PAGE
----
It’s taken decades for the East End wine industry to come into its own, and another few years for Long Island craft beer to gain a foothold. Could hard cider be next?

Long Island’s largest cidery so far, The Riverhead Ciderhouse opened earlier this month on Sound Avenue in Calverton. The soaring 8,000-square-foot space includes a 40-foot bar, scattered tables, two fireplaces, a small-bites menu, and 24 taps of New York State cider, wine, and beer.

While none of the cider on tap is made on-site, it soon will be. “We’re going to do a variety of seasonal ciders to reflect what’s going on in the farm community,” said Greg Gove, a longtime North Fork wine- and cidermaker who will lead cider production.

A window on one side of the tasting room and cafe offers a view into a production area, anchored by a handful of stainless-steel tanks in which Gove can produce up to 50,000 gallons of cider per year, most of it between 3.5 and 6 percent alcohol by volume.

“I’m going to buy as many apples as I can out here [on the East End],” said Gove, primarily from Peconic’s Breeze Hill Farm and Southold’s Surrey Lane Vineyard Orchard Farm. “After that, [we’ll source] from the Hudson River Valley. Looking down the road, we might plant our own.”

Gove, a trained chemist, first began making cider in 2008 at Peconic Bay Winery, where he was also a winemaker. (Before that, Gove was at Hargrave Vineyard and Pindar Vineyards). Though Gove admits that competition for cider apples is becoming fierce — cider is best made from bittersweet, tannic apples that are in short supply, and has also soared in popularity because it is a gluten-free alternative to beer — he has a leg up on the competition: Riverhead Ciderhouse is partially owned by J. Kings Food Service, a Holstville food distributor with produce connections across the state.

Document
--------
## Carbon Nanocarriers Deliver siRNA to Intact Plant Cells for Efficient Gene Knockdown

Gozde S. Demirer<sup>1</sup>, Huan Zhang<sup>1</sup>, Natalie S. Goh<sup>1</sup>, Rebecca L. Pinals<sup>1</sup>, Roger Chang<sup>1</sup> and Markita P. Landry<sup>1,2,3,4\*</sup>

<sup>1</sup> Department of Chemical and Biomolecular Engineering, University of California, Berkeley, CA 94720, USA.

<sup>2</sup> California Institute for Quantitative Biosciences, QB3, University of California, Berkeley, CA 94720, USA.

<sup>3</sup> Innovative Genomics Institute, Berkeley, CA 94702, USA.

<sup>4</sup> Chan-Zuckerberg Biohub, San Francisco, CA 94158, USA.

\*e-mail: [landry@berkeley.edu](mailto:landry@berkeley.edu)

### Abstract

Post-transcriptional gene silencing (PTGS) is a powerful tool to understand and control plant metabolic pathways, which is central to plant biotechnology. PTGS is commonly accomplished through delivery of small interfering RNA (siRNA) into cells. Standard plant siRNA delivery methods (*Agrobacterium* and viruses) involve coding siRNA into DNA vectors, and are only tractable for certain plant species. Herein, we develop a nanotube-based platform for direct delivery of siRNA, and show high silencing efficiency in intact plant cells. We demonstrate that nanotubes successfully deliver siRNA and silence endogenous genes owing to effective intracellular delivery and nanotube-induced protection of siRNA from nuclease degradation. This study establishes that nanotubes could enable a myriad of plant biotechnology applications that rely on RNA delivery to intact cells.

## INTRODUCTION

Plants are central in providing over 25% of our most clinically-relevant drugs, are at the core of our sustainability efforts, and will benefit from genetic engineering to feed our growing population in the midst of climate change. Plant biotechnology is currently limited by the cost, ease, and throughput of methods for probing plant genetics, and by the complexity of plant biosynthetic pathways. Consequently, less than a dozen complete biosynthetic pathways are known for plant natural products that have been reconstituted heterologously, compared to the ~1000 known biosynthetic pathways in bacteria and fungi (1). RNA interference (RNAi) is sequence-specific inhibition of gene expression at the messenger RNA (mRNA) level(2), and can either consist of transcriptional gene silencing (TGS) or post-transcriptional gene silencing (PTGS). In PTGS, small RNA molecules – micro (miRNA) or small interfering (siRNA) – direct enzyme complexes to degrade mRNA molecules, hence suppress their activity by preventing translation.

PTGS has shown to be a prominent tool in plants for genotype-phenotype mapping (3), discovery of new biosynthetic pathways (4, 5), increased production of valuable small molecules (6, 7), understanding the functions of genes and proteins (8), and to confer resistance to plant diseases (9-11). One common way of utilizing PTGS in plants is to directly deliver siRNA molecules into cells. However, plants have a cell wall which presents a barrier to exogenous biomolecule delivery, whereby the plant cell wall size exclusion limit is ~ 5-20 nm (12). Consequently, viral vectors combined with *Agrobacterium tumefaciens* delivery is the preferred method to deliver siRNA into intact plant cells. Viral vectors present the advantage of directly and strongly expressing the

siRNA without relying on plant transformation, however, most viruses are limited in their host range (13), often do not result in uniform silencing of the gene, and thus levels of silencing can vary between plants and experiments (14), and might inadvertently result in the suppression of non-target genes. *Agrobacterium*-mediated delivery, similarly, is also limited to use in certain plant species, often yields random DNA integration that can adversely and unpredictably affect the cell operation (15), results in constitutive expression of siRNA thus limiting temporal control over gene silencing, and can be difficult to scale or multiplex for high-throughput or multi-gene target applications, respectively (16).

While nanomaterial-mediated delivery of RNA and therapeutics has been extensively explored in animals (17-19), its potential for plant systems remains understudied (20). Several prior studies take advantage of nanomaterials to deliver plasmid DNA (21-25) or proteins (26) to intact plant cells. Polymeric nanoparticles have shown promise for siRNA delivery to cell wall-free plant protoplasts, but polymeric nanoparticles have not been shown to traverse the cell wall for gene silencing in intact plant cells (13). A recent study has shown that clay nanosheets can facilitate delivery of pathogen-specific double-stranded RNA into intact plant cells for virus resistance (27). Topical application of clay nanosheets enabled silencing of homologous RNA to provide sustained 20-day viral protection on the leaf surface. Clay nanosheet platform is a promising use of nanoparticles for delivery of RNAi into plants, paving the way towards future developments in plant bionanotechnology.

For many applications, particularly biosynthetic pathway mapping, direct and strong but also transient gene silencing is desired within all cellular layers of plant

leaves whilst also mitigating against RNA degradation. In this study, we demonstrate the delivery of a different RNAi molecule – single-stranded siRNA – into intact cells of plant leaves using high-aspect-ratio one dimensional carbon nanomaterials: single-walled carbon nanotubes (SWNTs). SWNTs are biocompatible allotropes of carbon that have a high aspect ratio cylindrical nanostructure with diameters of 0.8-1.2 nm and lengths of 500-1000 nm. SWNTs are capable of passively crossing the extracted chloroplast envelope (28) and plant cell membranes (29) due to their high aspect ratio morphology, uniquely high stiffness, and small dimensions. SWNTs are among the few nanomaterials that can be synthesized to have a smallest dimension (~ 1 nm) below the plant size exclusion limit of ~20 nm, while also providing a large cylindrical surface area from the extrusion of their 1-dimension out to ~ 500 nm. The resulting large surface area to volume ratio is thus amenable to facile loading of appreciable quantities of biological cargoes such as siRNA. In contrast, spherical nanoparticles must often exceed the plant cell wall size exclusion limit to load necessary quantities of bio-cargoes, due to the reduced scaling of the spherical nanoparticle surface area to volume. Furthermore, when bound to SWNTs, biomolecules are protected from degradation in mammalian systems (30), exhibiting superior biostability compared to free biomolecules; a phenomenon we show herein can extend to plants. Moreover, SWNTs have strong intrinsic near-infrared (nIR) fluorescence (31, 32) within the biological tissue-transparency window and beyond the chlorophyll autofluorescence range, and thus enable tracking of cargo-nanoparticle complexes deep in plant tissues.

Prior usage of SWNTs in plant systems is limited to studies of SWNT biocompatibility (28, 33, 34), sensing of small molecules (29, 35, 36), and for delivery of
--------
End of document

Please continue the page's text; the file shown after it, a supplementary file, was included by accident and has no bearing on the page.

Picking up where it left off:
When J. Kings and other investors purchased the former plumbing-supply company at 2711 Sound Ave. a few years ago, it was used primarily as leasable wine storage. As he worked in the food-and-beverage chain, J. King’s chief customer officer, John King, began to notice a growing demand for cider, one that often exceeded supply. When New York State began offering a farm cidery license in fall 2013, King hatched plans for a cidery.

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“We’re not a bar, we’re not a restaurant, we’re not a tavern,” said King, pointing out there are no barstools and the menu is focused on casual bites, such as pizza and sandwiches, that are made off-site at a J. Kings facility.

Instead, Riverhead Ciderhouse is part store, part production facility — the ciders made here will be bottled and distributed across Long Island — and a place to sample and kick back with local beverages. On tap this week, for instance, are ciders from Maspeth’s Descendant Cider, beers from Port Jeff brewing Company, and wines from Martha Clara Vineyards.

Right now, the three branded Riverhead Ciderhouse ciders on tap — Benjamin’s Best, Founder’s Reserve, and Razzmatazz — are now made in the Hudson Valley, but Gove has plans to create a broad variety of effervescent ciders. Some will be fermented with seasonal fruit, such as strawberries; some will be dry “in the French style,” and some might be ice ciders. “We want to attract people who know about cider,” Gove said.

Riverhead Ciderhouse, 2711 Sound Ave., Calverton, riverheadcider.com